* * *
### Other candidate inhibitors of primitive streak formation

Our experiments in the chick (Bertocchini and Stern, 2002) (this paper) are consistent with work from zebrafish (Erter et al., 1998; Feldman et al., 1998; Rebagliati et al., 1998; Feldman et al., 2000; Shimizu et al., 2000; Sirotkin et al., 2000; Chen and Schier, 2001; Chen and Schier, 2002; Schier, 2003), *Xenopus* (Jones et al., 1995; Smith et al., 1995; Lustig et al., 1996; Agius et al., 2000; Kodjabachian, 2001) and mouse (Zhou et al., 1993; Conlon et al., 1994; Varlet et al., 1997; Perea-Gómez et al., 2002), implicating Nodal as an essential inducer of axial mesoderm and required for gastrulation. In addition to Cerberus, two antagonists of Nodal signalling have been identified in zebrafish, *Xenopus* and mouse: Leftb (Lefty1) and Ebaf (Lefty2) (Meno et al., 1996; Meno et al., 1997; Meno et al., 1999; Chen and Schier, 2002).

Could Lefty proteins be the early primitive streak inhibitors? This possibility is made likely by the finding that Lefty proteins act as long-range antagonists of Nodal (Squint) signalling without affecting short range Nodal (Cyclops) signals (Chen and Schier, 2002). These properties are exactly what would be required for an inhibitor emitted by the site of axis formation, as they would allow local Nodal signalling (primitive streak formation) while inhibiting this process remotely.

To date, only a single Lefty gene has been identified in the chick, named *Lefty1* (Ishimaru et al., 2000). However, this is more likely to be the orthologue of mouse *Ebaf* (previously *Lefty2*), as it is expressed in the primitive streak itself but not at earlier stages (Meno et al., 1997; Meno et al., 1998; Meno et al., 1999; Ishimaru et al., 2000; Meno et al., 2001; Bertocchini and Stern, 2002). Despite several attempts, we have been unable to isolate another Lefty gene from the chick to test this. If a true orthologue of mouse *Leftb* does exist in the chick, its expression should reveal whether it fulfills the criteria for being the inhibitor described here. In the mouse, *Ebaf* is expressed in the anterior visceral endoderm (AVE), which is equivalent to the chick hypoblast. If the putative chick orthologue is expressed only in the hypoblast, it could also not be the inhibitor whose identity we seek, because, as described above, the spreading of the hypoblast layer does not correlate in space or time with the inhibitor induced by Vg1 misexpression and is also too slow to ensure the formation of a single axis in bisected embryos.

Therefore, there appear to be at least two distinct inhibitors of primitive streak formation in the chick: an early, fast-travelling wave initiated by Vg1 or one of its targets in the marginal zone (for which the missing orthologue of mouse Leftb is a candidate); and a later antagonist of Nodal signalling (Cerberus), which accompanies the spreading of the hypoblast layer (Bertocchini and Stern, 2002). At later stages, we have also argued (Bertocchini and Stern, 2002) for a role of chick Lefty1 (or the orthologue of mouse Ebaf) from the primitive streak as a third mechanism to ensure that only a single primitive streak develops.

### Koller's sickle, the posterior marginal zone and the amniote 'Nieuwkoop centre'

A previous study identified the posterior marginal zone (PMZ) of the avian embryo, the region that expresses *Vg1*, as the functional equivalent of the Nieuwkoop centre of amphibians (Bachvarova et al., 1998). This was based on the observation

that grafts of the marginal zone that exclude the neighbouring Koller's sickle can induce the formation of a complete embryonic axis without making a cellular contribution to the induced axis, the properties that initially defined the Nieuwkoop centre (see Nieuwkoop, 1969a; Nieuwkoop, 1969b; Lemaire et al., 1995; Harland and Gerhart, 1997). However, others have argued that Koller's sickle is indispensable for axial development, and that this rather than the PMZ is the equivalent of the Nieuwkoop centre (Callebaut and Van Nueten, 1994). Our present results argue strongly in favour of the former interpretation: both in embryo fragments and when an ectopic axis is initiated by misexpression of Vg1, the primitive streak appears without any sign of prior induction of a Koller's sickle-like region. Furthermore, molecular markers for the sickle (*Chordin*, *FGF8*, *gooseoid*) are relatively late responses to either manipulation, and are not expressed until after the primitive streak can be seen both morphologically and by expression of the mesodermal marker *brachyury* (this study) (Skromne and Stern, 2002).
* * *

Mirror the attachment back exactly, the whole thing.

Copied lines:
### Other candidate inhibitors of primitive streak formation

Our experiments in the chick (Bertocchini and Stern, 2002) (this paper) are consistent with work from zebrafish (Erter et al., 1998; Feldman et al., 1998; Rebagliati et al., 1998; Feldman et al., 2000; Shimizu et al., 2000; Sirotkin et al., 2000; Chen and Schier, 2001; Chen and Schier, 2002; Schier, 2003), *Xenopus* (Jones et al., 1995; Smith et al., 1995; Lustig et al., 1996; Agius et al., 2000; Kodjabachian, 2001) and mouse (Zhou et al., 1993; Conlon et al., 1994; Varlet et al., 1997; Perea-Gómez et al., 2002), implicating Nodal as an essential inducer of axial mesoderm and required for gastrulation. In addition to Cerberus, two antagonists of Nodal signalling have been identified in zebrafish, *Xenopus* and mouse: Leftb (Lefty1) and Ebaf (Lefty2) (Meno et al., 1996; Meno et al., 1997; Meno et al., 1999; Chen and Schier, 2002).

Could Lefty proteins be the early primitive streak inhibitors? This possibility is made likely by the finding that Lefty proteins act as long-range antagonists of Nodal (Squint) signalling without affecting short range Nodal (Cyclops) signals (Chen and Schier, 2002). These properties are exactly what would be required for an inhibitor emitted by the site of axis formation, as they would allow local Nodal signalling (primitive streak formation) while inhibiting this process remotely.

To date, only a single Lefty gene has been identified in the chick, named *Lefty1* (Ishimaru et al., 2000). However, this is more likely to be the orthologue of mouse *Ebaf* (previously *Lefty2*), as it is expressed in the primitive streak itself but not at earlier stages (Meno et al., 1997; Meno et al., 1998; Meno et al., 1999; Ishimaru et al., 2000; Meno et al., 2001; Bertocchini and Stern, 2002). Despite several attempts, we have been unable to isolate another Lefty gene from the chick to test this. If a true orthologue of mouse *Leftb* does exist in the chick, its expression should reveal whether it fulfills the criteria for being the inhibitor described here. In the mouse, *Ebaf* is expressed in the anterior visceral endoderm (AVE), which is equivalent to the chick hypoblast. If the putative chick orthologue is expressed only in the hypoblast, it could also not be the inhibitor whose identity we seek, because, as described above, the spreading of the hypoblast layer does not correlate in space or time with the inhibitor induced by Vg1 misexpression and is also too slow to ensure the formation of a single axis in bisected embryos.

Therefore, there appear to be at least two distinct inhibitors of primitive streak formation in the chick: an early, fast-travelling wave initiated by Vg1 or one of its targets in the marginal zone (for which the missing orthologue of mouse Leftb is a candidate); and a later antagonist of Nodal signalling (Cerberus), which accompanies the spreading of the hypoblast layer (Bertocchini and Stern, 2002). At later stages, we have also argued (Bertocchini and Stern, 2002) for a role of chick Lefty1 (or the orthologue of mouse Ebaf) from the primitive streak as a third mechanism to ensure that only a single primitive streak develops.

### Koller's sickle, the posterior marginal zone and the amniote 'Nieuwkoop centre'

A previous study identified the posterior marginal zone (PMZ) of the avian embryo, the region that expresses *Vg1*, as the functional equivalent of the Nieuwkoop centre of amphibians (Bachvarova et al., 1998). This was based on the observation

that grafts of the marginal zone that exclude the neighbouring Koller's sickle can induce the formation of a complete embryonic axis without making a cellular contribution to the induced axis, the properties that initially defined the Nieuwkoop centre (see Nieuwkoop, 1969a; Nieuwkoop, 1969b; Lemaire et al., 1995; Harland and Gerhart, 1997). However, others have argued that Koller's sickle is indispensable for axial development, and that this rather than the PMZ is the equivalent of the Nieuwkoop centre (Callebaut and Van Nueten, 1994). Our present results argue strongly in favour of the former interpretation: both in embryo fragments and when an ectopic axis is initiated by misexpression of Vg1, the primitive streak appears without any sign of prior induction of a Koller's sickle-like region. Furthermore, molecular markers for the sickle (*Chordin*, *FGF8*, *gooseoid*) are relatively late responses to either manipulation, and are not expressed until after the primitive streak can be seen both morphologically and by expression of the mesodermal marker *brachyury* (this study) (Skromne and Stern, 2002).